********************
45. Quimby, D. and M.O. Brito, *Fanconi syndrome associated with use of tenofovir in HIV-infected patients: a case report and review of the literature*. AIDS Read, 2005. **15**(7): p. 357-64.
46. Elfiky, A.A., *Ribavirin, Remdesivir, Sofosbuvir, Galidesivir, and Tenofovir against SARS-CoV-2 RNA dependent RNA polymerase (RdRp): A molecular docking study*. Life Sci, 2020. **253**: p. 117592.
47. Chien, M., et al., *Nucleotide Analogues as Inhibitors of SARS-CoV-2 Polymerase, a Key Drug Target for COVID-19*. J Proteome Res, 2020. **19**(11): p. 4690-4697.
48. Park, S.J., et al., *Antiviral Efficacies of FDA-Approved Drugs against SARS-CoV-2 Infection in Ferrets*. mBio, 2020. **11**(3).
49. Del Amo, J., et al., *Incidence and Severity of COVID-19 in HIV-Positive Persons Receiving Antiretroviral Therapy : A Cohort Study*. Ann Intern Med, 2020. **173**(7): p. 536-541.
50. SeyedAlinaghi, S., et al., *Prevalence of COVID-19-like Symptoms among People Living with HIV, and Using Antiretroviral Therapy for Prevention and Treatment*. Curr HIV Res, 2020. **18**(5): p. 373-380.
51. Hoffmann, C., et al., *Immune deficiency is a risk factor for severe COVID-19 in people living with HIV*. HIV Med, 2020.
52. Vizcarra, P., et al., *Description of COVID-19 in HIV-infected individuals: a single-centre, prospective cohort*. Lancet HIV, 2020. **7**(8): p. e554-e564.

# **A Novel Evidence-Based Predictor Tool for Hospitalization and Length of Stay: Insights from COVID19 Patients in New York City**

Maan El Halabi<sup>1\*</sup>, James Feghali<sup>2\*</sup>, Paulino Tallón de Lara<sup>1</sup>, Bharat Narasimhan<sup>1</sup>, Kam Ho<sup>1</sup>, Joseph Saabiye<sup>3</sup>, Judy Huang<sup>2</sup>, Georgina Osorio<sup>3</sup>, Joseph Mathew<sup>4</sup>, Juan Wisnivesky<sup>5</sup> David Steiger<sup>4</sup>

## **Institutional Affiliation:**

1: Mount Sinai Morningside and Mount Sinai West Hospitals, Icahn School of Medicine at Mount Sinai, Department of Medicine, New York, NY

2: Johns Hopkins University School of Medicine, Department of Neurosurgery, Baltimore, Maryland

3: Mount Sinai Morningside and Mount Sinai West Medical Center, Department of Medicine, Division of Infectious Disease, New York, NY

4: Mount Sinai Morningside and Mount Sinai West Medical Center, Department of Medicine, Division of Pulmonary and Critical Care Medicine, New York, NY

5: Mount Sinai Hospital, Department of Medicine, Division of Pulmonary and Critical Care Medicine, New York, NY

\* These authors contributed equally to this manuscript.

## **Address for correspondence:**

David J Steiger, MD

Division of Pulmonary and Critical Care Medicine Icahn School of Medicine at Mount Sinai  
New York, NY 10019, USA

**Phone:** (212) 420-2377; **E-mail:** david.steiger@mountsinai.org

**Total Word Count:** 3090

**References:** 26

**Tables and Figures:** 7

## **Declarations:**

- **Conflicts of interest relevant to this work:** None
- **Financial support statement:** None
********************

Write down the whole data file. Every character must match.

45. Quimby, D. and M.O. Brito, *Fanconi syndrome associated with use of tenofovir in HIV-infected patients: a case report and review of the literature*. AIDS Read, 2005. **15**(7): p. 357-64.
46. Elfiky, A.A., *Ribavirin, Remdesivir, Sofosbuvir, Galidesivir, and Tenofovir against SARS-CoV-2 RNA dependent RNA polymerase (RdRp): A molecular docking study*. Life Sci, 2020. **253**: p. 117592.
47. Chien, M., et al., *Nucleotide Analogues as Inhibitors of SARS-CoV-2 Polymerase, a Key Drug Target for COVID-19*. J Proteome Res, 2020. **19**(11): p. 4690-4697.
48. Park, S.J., et al., *Antiviral Efficacies of FDA-Approved Drugs against SARS-CoV-2 Infection in Ferrets*. mBio, 2020. **11**(3).
49. Del Amo, J., et al., *Incidence and Severity of COVID-19 in HIV-Positive Persons Receiving Antiretroviral Therapy : A Cohort Study*. Ann Intern Med, 2020. **173**(7): p. 536-541.
50. SeyedAlinaghi, S., et al., *Prevalence of COVID-19-like Symptoms among People Living with HIV, and Using Antiretroviral Therapy for Prevention and Treatment*. Curr HIV Res, 2020. **18**(5): p. 373-380.
51. Hoffmann, C., et al., *Immune deficiency is a risk factor for severe COVID-19 in people living with HIV*. HIV Med, 2020.
52. Vizcarra, P., et al., *Description of COVID-19 in HIV-infected individuals: a single-centre, prospective cohort*. Lancet HIV, 2020. **7**(8): p. e554-e564.

# **A Novel Evidence-Based Predictor Tool for Hospitalization and Length of Stay: Insights from COVID19 Patients in New York City**

Maan El Halabi<sup>1\*</sup>, James Feghali<sup>2\*</sup>, Paulino Tallón de Lara<sup>1</sup>, Bharat Narasimhan<sup>1</sup>, Kam Ho<sup>1</sup>, Joseph Saabiye<sup>3</sup>, Judy Huang<sup>2</sup>, Georgina Osorio<sup>3</sup>, Joseph Mathew<sup>4</sup>, Juan Wisnivesky<sup>5</sup> David Steiger<sup>4</sup>

## **Institutional Affiliation:**

1: Mount Sinai Morningside and Mount Sinai West Hospitals, Icahn School of Medicine at Mount Sinai, Department of Medicine, New York, NY

2: Johns Hopkins University School of Medicine, Department of Neurosurgery, Baltimore, Maryland

3: Mount Sinai Morningside and Mount Sinai West Medical Center, Department of Medicine, Division of Infectious Disease, New York, NY

4: Mount Sinai Morningside and Mount Sinai West Medical Center, Department of Medicine, Division of Pulmonary and Critical Care Medicine, New York, NY

5: Mount Sinai Hospital, Department of Medicine, Division of Pulmonary and Critical Care Medicine, New York, NY

\* These authors contributed equally to this manuscript.

## **Address for correspondence:**

David J Steiger, MD

Division of Pulmonary and Critical Care Medicine Icahn School of Medicine at Mount Sinai  
New York, NY 10019, USA

**Phone:** (212) 420-2377; **E-mail:** david.steiger@mountsinai.org

**Total Word Count:** 3090

**References:** 26

**Tables and Figures:** 7

## **Declarations:**

- **Conflicts of interest relevant to this work:** None
- **Financial support statement:** None